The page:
"The problem is, neither of these methods will work for defining God. Just because a trusted expert in some field of study tells you that God is X, Y, and Z does not mean that God is actually X, Y, and Z."

It's odd that you say this because all theological arguments are arguments from authority. But, patently, what I'm engaged in here is not revealed theology--it's metaphysics = first philosophy = natural theology, so by the nature of what I'm doing I will not accept arguments from authority (even the authority of Scripture).

Now as to where I get the definition from--well, it comes from the fact that I'm a Christian and I want to prove that God exists without invoking revelation. So, I think to myself on the basis of my faith What is God like? Well, he's the best thing, the most perfect, he knows everything, he's morally good, and so on. So, when I am trying to make my philosophical argument that God exists what I am trying to do is to give a secular account that what I initially believed on the basis of faith is true, and an argument can be given for its truth which does not depend on the authority of scripture, church councils, the pope, etc.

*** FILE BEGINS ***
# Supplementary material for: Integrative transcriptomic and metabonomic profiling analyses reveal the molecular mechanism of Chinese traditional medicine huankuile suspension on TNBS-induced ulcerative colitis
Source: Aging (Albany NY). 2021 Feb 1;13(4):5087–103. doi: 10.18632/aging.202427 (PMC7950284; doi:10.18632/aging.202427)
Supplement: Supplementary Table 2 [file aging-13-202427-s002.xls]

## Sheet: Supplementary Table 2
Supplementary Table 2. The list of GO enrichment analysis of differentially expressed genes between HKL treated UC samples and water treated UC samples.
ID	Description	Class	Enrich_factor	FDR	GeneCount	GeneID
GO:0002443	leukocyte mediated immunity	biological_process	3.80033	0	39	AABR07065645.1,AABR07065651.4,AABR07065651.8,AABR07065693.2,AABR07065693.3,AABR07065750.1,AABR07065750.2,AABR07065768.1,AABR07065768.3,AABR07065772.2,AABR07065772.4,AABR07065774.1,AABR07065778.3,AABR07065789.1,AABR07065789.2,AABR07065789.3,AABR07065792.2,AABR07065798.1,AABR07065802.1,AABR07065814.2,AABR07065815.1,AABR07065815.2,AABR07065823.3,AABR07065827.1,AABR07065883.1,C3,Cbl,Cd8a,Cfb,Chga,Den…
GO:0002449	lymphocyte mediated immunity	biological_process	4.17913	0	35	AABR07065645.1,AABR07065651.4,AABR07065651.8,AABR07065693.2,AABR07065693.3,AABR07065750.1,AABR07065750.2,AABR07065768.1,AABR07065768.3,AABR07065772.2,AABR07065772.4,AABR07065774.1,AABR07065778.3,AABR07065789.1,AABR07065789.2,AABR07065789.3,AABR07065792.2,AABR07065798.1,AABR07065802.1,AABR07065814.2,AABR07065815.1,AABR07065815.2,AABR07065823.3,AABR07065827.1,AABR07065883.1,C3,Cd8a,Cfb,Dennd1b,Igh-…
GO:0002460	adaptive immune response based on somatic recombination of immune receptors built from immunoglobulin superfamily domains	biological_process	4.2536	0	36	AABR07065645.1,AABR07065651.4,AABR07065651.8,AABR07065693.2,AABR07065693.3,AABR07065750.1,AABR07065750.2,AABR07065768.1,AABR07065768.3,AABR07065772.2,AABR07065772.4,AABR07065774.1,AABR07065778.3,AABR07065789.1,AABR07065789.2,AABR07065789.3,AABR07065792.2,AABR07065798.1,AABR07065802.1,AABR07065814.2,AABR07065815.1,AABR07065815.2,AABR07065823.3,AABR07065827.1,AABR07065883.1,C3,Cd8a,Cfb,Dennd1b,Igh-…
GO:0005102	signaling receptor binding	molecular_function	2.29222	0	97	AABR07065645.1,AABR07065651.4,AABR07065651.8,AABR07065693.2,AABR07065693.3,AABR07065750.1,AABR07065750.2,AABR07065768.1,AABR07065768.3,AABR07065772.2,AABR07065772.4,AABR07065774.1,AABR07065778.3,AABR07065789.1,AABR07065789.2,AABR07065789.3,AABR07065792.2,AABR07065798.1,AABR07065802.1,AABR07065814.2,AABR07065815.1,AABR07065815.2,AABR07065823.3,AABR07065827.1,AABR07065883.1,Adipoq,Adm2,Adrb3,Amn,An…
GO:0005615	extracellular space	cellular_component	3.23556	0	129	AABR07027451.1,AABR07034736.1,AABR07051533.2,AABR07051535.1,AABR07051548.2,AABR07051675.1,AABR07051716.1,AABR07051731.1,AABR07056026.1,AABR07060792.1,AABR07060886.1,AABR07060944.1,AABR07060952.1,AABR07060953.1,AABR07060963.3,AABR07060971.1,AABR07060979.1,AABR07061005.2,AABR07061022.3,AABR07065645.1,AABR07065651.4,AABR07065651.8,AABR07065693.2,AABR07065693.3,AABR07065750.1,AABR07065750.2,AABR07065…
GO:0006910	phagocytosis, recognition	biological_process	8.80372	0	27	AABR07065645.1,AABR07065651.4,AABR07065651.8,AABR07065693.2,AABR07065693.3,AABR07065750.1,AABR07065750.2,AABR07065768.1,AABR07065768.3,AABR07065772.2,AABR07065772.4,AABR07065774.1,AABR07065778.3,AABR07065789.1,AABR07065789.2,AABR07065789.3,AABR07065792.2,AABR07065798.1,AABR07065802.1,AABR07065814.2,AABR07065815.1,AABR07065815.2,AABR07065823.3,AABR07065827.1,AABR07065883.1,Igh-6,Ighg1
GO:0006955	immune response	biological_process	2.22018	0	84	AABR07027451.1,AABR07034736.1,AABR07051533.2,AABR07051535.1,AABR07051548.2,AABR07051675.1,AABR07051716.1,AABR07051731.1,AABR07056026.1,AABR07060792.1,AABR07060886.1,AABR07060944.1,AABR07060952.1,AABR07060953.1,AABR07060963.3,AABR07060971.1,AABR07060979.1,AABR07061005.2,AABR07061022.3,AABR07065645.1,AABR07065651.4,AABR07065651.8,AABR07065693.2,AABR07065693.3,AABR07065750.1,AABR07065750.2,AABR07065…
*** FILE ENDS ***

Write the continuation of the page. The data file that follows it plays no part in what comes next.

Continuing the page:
Now, I think part(s) of the problem that you are having with the idea of "definition" here comes from two misunderstandings.

1. You don't say this explicitly, but perhaps you are worried that if I am free to define 'God' one way, then somebody else is free to define him another way, which would imply that "God" is just a subterfuge word, an expression of a hidden will to power, which does not correspond to anything that really exists outside of my little logical game. Objection 1 is the relativism objection.

2. Objection 2 is the Barthian objection: only God gets to define God--if you define God then you have made an idol, not spoken truly of the living God incarnate in Christ, etc. etc. etc.

I'm going to ignore objection 2, even though I think it's wrong, because we've had this conversation before.

On the other hand, i think Objection 1 is relatively simple to clarify--the definition I postulate is a universal definition. When i define prime numbers, I'm doing something like 'discovering' primes, not 'inventing' them, because as it turned out prime numbers existed before anybody thought about them.

Now the thing about logic is that it comes in lots of flavors. Just like in the 20th century we have non-euclidean geometries (which come about by denying or omitting axioms of ordinary plane geometry), so too we have non-standard logics where certain axioms are omitted or altered. Alternative logics might prove "weaker" (able to prove less) than standard logic or they might be "stronger".